#6: The Road by Cormac McCarthy

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There are, in Cormac McCarthy’s impossibly affecting novels, details that simultaneously open up his dismal universe and draw in the reader. In Blood Meridian, it’s the Apache wearing the wedding dress. In All the Pretty Horses, it’s the bullet hole in the wallet. In No Country for Old Men, the glass of milk, still sweating on the coffee table. In The Road, it’s the can of Coke, pulled from the guts of the vending machine. No, it’s that the soda has somehow stayed carbonated after the cataclysm. No, it’s that the father lets his son drink the whole thing. Surely this is one of the most humane and deeply inhabited moments not just in fiction from this millennium, but in all of literature.

And yet the book is rife with such moments, replete with such deep empathy for the father and son that some of the bleakest passages will turn your stomach as only love can. This is perhaps the most shocking aspect of The Road: what remains, what you remember years after you’ve read the book, is the beauty, the compassion, the relentlessness of possibility that burns on the colorless horizon. You understand—much in the way that you first understand poetry, through feeling and syntax and imagery rather than logic—that no matter how desolate the story, it is made bearable through language. There is, the novel asserts, something like triumph in the very telling of a tale, a commitment to the act of witness, and to receive a story is to exalt the imagination, to participate in the process of faith, to accept deliverance. Why else, then, would the father in the novel—when his son is too scared to sleep, when the noise of the world dying its cold death keeps him awake—comfort the boy with narrative? They’ve been stripped of everything except voice, but even on the darkest path words can retain their meaning, their promise of light that will lead lost travelers home.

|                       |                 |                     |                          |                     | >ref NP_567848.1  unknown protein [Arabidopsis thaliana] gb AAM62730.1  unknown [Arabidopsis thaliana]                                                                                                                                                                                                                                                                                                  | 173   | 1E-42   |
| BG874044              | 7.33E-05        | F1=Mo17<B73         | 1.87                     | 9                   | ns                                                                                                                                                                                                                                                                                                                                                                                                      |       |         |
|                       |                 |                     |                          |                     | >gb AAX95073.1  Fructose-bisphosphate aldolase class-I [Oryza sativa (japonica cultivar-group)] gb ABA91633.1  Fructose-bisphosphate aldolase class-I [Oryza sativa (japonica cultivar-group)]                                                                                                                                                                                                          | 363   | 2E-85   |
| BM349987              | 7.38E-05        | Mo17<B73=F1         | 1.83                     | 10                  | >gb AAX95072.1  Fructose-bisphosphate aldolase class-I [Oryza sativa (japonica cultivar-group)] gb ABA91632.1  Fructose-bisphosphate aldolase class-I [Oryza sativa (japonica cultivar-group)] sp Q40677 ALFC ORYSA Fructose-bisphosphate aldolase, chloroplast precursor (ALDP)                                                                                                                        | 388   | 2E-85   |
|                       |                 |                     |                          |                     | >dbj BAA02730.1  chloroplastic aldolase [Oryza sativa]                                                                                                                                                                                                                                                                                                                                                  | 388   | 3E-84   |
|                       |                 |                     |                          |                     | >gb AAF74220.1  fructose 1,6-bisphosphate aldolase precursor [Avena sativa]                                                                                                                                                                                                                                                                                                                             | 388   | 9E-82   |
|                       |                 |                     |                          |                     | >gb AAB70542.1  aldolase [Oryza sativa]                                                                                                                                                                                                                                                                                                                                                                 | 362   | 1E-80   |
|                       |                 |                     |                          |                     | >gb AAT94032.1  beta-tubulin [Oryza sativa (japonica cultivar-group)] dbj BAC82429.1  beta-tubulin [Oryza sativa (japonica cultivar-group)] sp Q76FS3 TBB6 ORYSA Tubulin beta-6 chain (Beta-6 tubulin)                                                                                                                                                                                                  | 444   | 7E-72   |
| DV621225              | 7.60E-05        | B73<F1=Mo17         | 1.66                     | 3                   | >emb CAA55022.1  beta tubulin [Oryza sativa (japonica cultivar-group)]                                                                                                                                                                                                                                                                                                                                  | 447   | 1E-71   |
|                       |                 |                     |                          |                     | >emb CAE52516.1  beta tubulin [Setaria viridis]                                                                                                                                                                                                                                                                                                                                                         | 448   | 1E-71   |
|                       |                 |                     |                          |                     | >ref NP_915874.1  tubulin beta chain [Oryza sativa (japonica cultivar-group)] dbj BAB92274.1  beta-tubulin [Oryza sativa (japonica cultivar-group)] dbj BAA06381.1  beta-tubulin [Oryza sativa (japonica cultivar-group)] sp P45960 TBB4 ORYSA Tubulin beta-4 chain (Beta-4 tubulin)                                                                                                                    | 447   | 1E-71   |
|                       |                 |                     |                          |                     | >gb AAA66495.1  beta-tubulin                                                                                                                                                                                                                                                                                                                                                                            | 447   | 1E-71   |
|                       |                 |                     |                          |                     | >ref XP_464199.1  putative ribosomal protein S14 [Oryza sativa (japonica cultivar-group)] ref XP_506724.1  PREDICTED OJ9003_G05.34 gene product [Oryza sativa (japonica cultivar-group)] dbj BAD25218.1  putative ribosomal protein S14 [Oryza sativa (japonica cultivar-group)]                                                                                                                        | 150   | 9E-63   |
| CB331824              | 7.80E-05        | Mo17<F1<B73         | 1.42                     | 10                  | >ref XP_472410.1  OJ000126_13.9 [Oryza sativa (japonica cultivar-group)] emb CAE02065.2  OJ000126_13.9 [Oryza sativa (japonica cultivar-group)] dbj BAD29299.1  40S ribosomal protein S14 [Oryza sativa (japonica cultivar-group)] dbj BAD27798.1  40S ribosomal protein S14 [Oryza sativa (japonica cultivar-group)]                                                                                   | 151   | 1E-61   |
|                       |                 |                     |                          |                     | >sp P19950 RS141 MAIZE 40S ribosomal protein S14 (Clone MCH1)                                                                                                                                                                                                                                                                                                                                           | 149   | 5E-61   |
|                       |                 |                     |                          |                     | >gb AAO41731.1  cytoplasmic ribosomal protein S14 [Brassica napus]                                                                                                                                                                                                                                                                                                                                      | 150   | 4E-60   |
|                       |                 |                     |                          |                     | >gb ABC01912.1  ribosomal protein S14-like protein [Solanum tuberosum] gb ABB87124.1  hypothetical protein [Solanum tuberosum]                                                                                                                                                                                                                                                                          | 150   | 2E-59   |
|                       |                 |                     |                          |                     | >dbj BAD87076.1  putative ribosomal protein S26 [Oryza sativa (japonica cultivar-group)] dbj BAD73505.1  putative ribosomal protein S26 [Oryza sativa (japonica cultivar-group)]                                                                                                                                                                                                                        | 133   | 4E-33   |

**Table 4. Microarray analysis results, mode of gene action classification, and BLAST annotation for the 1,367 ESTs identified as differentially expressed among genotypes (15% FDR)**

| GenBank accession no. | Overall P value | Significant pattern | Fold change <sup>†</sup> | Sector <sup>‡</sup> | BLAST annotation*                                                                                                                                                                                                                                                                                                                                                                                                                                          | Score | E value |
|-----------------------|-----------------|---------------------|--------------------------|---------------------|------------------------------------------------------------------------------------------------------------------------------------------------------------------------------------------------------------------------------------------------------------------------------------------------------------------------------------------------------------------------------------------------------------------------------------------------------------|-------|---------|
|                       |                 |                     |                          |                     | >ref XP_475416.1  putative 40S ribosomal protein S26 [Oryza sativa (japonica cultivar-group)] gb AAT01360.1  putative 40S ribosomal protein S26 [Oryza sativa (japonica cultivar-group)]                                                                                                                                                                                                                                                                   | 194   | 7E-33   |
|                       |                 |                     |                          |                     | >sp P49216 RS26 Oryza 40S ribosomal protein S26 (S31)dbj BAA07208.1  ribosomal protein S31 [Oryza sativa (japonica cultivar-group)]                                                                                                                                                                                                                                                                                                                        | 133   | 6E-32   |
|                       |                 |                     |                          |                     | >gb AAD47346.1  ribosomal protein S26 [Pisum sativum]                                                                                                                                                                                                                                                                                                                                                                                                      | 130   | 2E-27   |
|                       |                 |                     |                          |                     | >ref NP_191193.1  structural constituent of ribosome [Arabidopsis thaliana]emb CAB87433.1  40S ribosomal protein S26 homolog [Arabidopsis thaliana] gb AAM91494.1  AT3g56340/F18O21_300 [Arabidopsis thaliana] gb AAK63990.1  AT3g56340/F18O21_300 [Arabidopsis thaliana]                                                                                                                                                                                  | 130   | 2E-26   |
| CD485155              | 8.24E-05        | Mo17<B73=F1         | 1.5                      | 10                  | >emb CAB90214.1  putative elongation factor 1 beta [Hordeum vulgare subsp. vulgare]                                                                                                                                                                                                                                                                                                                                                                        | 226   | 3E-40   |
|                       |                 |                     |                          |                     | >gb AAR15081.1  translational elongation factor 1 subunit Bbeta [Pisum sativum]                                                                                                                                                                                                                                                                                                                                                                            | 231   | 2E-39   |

Read an excerpt from The Road.
More Best Fiction of the Millennium (So Far)
Best of the Millennium, Pros Versus Readers

A Year in Reading: Bret Anthony Johnston


Bret Anthony Johnston is the author of Corpus Christi: Stories and the editor of Naming the World: And Other Exercises for the Creative Writer, both from Random House. Currently, he is the Director of Creative Writing at Harvard University and can be reached on the web at www.bretanthonyjohnston.com.I know this is heresy, but I’m going to recommend a book that was published this year. (If it helps, the story itself is centuries old.) Of all the books I’ve read this year, regardless of publication date, genre, or form, The Adventures of Amir Hamza is the best. What’s more, I haven’t even finished it yet.But it’s so, so good. Kind of like a thinking man’s, adults-only, Islamic Harry Potter. (The original Urdu text, born out of oral narratives that had been circulated for hundreds of years, appeared in the late 19th century, but English translations have always been censored.) Amir Hamza was the prophet Muhammad’s uncle and he got into all kinds of cool trouble. Hamza’s soulmate is the daughter of the Persian emperor, but there’s a chasm of conflict keeping them apart – Frodo had it easy – and so the book follows, in utterly readable and downright addictive prose, Hamza’s struggle to return to her. Did I mention that he rides a winged demon-steed? That his posse consists of a wickedly cool wizard (thinking man’s Gandolf) and a funny trickster partner (thinking man’s Sancho Panza)? That he has to fight an honest-to-God demon? That his sons turn against him? That, in service of getting back to his one true love, he seduces a good many women? It’s a terrifically good and captivating story, bawdy and violent and occasionally poignant and often funny, and it reads just as well as a long odyssey as it does individual short stories. Speaking of, I need to get back to the book: We’re just about to rout Muhlil Sagsar and Malik Ajrook!More from A Year in Reading 2007